Chain of Desire
1992, NR, 107 min. Directed by Temistocles Lopez. Starring Linda Fiorentino, Elias Koteas, Grace Zabriskie, Malcolm Mcdowell, Seymour Cassel, Assumpta Serna.
REVIEWED By Pamela Bruce, Fri., July 30, 1993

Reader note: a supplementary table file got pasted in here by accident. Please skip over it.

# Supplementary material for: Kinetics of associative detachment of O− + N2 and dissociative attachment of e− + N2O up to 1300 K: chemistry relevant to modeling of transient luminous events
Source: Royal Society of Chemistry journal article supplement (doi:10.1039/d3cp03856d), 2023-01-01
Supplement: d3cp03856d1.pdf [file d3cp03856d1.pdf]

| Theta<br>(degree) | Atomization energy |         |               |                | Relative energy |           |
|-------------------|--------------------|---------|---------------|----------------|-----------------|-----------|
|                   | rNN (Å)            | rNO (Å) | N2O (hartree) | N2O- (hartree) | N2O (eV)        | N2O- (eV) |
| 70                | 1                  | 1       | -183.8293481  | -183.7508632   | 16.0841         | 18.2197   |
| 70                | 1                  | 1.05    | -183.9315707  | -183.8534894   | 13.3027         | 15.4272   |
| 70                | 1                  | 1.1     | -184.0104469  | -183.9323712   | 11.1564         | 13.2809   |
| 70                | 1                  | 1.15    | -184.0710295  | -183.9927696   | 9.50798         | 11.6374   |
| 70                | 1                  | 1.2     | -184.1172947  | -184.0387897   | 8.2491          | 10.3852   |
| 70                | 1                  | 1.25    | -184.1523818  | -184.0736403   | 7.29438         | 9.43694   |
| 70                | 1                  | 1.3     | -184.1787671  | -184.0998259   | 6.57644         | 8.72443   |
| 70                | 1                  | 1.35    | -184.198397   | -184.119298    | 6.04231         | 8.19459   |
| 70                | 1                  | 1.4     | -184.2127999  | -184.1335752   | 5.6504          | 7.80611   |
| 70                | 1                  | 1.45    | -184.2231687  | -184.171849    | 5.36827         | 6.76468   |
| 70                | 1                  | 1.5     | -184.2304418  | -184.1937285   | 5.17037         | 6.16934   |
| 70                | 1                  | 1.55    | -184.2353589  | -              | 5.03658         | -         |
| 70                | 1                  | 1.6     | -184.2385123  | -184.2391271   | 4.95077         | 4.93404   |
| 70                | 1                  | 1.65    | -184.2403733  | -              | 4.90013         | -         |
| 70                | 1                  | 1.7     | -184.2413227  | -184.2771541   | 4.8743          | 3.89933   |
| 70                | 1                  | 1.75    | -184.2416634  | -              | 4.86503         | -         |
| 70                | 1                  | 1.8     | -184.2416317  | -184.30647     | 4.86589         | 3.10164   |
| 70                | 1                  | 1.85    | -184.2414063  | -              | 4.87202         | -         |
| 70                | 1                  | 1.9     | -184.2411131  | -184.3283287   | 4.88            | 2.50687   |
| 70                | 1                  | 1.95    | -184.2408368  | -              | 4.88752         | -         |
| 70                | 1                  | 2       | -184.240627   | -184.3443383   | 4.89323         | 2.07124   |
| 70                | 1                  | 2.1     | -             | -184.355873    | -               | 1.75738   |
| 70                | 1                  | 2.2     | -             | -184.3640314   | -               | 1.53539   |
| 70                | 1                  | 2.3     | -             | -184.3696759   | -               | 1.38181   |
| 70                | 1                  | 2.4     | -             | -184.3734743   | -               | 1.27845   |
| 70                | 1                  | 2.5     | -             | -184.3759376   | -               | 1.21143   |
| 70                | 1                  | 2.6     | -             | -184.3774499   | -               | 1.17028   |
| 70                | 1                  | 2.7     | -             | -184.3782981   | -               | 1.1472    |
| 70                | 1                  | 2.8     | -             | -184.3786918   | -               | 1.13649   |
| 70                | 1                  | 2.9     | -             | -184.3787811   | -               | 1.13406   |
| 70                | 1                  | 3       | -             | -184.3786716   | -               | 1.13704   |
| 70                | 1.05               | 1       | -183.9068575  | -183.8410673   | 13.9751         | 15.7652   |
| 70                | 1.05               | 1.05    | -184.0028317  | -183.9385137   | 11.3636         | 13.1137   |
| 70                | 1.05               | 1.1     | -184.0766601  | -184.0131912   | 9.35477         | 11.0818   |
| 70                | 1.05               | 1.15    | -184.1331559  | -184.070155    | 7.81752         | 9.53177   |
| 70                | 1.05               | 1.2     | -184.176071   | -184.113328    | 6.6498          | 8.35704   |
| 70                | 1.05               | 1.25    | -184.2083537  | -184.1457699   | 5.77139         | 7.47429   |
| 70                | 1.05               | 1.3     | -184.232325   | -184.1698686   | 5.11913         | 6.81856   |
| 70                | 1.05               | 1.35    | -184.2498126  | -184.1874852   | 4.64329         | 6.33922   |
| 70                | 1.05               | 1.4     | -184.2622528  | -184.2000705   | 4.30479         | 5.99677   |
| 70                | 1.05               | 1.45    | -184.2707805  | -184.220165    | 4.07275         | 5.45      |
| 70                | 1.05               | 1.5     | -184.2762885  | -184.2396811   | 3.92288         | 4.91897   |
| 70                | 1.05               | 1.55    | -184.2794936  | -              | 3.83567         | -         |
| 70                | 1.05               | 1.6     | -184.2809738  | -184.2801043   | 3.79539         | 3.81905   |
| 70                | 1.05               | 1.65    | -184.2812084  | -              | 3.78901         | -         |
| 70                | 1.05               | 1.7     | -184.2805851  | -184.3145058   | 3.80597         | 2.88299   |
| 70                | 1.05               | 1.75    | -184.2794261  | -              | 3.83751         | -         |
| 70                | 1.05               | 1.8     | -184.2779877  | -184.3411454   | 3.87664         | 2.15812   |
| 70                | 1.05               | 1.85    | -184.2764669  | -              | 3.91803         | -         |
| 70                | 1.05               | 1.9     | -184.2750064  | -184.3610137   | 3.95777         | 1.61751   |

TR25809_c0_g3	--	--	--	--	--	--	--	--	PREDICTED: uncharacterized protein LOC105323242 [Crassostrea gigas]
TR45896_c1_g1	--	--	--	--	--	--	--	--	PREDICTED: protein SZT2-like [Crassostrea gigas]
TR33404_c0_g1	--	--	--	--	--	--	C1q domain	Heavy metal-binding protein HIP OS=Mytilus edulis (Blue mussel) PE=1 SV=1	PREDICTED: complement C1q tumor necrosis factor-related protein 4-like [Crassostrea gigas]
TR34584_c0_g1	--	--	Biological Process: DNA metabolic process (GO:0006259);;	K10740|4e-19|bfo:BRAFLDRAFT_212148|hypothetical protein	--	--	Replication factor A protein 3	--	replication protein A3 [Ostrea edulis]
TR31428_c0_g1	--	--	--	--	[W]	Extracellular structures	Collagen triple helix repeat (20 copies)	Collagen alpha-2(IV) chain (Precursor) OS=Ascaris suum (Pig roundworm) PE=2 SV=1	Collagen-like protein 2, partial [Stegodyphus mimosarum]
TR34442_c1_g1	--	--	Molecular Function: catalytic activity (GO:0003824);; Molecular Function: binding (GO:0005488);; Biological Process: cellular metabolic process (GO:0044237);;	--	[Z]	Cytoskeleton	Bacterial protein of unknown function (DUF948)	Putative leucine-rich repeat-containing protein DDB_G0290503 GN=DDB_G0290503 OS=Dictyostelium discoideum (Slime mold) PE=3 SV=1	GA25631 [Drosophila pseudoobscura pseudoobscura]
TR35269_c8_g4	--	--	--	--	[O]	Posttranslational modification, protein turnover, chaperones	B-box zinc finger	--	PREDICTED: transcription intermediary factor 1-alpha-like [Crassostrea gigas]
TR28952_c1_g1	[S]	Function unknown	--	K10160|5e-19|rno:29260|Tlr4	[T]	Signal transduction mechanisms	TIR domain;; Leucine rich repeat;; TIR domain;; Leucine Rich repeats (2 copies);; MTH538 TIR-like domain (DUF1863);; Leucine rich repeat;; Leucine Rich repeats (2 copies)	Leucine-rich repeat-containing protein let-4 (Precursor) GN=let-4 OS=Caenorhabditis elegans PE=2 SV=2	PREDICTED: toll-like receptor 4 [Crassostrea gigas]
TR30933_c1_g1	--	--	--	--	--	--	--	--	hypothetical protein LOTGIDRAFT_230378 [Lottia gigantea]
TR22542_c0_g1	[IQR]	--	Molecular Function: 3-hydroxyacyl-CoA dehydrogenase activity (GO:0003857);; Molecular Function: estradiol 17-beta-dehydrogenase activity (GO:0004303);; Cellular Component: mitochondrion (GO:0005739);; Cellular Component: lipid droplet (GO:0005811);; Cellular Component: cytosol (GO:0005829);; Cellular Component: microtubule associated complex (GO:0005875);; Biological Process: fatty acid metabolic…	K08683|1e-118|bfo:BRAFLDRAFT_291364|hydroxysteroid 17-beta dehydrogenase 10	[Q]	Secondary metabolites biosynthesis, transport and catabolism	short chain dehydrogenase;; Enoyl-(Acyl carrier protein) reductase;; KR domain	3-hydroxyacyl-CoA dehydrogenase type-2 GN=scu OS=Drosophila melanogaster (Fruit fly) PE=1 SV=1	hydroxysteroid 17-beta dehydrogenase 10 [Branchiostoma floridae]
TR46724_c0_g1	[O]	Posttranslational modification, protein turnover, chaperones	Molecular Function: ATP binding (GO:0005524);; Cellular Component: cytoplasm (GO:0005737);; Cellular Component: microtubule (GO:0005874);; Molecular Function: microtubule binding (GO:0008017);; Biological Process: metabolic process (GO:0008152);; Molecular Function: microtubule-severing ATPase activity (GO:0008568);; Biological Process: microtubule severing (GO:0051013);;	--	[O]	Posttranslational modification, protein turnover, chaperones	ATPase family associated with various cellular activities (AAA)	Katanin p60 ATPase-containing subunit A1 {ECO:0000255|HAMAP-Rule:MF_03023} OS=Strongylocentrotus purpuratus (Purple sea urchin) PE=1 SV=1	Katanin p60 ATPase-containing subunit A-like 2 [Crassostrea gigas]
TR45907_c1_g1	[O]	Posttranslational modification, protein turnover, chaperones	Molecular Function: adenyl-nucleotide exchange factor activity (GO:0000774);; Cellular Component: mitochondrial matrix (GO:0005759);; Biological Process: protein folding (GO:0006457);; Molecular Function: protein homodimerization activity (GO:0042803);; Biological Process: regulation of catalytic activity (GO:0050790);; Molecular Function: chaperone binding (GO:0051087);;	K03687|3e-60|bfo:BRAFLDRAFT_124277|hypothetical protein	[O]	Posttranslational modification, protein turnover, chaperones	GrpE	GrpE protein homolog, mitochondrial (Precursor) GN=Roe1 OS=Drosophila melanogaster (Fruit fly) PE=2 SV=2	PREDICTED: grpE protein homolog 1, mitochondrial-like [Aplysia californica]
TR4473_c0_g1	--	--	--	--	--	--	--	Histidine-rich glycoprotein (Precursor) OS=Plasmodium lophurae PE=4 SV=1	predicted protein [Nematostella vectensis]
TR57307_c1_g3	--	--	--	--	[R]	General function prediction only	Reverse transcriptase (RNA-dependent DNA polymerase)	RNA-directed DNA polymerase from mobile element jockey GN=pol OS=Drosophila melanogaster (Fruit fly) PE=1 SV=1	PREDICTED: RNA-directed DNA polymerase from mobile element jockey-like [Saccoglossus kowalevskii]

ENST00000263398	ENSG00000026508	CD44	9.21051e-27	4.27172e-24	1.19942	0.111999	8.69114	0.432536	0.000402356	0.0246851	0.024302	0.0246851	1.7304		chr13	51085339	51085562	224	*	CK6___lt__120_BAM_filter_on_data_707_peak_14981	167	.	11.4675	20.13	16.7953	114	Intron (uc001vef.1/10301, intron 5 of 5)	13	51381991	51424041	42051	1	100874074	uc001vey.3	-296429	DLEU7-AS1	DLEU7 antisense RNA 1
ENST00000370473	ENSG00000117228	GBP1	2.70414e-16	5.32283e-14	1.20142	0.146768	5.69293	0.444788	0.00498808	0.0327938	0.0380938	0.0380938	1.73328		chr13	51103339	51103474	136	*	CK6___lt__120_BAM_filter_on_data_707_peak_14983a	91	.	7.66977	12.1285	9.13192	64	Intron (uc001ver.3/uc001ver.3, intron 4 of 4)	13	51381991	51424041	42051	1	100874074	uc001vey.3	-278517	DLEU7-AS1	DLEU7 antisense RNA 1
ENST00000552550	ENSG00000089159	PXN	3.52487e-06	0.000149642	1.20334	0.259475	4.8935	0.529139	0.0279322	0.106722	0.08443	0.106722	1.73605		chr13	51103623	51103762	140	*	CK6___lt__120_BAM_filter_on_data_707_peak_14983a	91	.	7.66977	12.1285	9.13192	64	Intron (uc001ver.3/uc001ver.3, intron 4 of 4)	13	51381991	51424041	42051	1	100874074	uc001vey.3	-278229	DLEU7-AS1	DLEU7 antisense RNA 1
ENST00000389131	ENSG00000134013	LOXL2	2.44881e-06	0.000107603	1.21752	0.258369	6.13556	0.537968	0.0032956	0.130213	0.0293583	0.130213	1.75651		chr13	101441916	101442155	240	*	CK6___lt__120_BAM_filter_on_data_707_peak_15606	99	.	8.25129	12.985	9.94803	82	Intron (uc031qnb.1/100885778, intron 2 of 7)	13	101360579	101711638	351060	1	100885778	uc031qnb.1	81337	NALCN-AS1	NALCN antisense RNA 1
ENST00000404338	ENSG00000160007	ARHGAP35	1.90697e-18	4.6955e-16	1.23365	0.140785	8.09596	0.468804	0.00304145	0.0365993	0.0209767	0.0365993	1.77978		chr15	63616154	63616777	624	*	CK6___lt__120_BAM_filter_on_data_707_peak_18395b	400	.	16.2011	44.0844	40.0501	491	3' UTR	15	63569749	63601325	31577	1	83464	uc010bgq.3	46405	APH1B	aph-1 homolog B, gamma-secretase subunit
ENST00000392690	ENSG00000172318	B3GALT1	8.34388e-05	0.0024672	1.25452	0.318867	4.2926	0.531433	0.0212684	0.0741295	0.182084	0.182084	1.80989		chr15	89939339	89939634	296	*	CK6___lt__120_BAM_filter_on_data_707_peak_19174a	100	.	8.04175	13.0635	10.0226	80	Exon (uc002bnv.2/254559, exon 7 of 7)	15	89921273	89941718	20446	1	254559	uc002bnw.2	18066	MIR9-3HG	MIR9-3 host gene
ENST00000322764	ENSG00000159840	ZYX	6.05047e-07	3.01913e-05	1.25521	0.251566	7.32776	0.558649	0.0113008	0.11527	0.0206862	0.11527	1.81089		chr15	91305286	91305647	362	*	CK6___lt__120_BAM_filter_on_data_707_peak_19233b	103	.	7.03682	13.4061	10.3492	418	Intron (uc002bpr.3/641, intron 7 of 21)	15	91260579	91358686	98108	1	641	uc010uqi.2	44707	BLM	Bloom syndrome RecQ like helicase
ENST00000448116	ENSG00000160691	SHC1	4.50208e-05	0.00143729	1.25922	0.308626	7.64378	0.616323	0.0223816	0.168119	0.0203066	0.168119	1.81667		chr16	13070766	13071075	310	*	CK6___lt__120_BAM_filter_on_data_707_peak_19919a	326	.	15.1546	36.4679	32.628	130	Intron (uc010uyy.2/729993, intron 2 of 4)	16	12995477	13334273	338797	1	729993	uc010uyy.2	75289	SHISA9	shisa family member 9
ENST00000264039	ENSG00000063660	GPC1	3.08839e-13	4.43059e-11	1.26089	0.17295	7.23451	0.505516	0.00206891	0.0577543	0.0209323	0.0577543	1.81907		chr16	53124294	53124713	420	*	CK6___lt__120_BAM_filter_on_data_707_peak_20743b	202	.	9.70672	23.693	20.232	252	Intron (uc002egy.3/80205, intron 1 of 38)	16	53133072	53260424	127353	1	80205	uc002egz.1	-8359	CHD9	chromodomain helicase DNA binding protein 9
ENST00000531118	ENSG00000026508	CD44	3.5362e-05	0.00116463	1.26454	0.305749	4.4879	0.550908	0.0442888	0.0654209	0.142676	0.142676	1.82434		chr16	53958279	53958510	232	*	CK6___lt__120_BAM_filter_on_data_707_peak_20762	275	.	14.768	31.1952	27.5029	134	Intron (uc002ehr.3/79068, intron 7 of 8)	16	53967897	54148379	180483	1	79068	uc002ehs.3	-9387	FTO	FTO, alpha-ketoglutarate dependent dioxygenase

Venezuelan-born writer/director Lopez successfully brings together an ensemble cast in this social commentary on the morals and sexual politics of the 1990s. Structured in an episodic fashion, the narrative does not necessarily adhere to a standard plotline. Rather, its trajectory moves through a related chain of events which result from the individual characters' actions -- actions that are fueled by the flames of erotic desire. The first link in this chain begins with a chanteuse named Alma (Fiorentino) who sings in a trendy Manhattan nightclub that is a cross between a 1930s Berlin cabaret and a cyberpunk/clubkids disco. Alma has just ended a relationship with her boyfriend, and one afternoon, he telephones her, urgently insisting that he needs to see her. Fearing that her ex will show up at her apartment, Alma flees to a nearby church, where her tearful prayers catch the attention of a workman (Koteas) who bears an uncanny resemblance to Christ. The workman -- Jesus (how convenient!) -- takes her hand and with a silent compassion, offers Alma comfort. But soon, his touches become more intimate and seductive and before long, the pair are locked in a passionate frenzy that begins in the church's basement and continues to Alma's apartment. She asks Jesus to have dinner with her, but he reveals that he has a wife and child to go home to. From this point forward, the consequences of Alma's sexual encounter with Jesus takes the viewer on a journey into the sex lives of various other characters -- a journey that cuts across class, race, and sexual orientation -- and which ultimately leads, full circle, right back to Alma. Lopez's direction is reminiscent of several of Robert Altman's films in that he is able to marshall an ensemble of characters in a complex scenario of shifting moods and settings, and still keep a level of comprehension and cohesiveness in the film. But unlike most of Altman's work, which seems to rely more on medium shots, Lopez chooses to use close-ups in the camerawork to pull the viewer more intimately into the emotions and behavior of the characters. Yet in doing so, the viewer also becomes absorbed into the lives of interesting, but for the most part, unlikable people committing despicable, selfish acts all in the name of their libidos. These negative aspects, however, actually make Lopez's film work as a message for the masses: Don't let an overactive libido make you a link in a chain of fools, or the chain of desire will lead to a chain of death.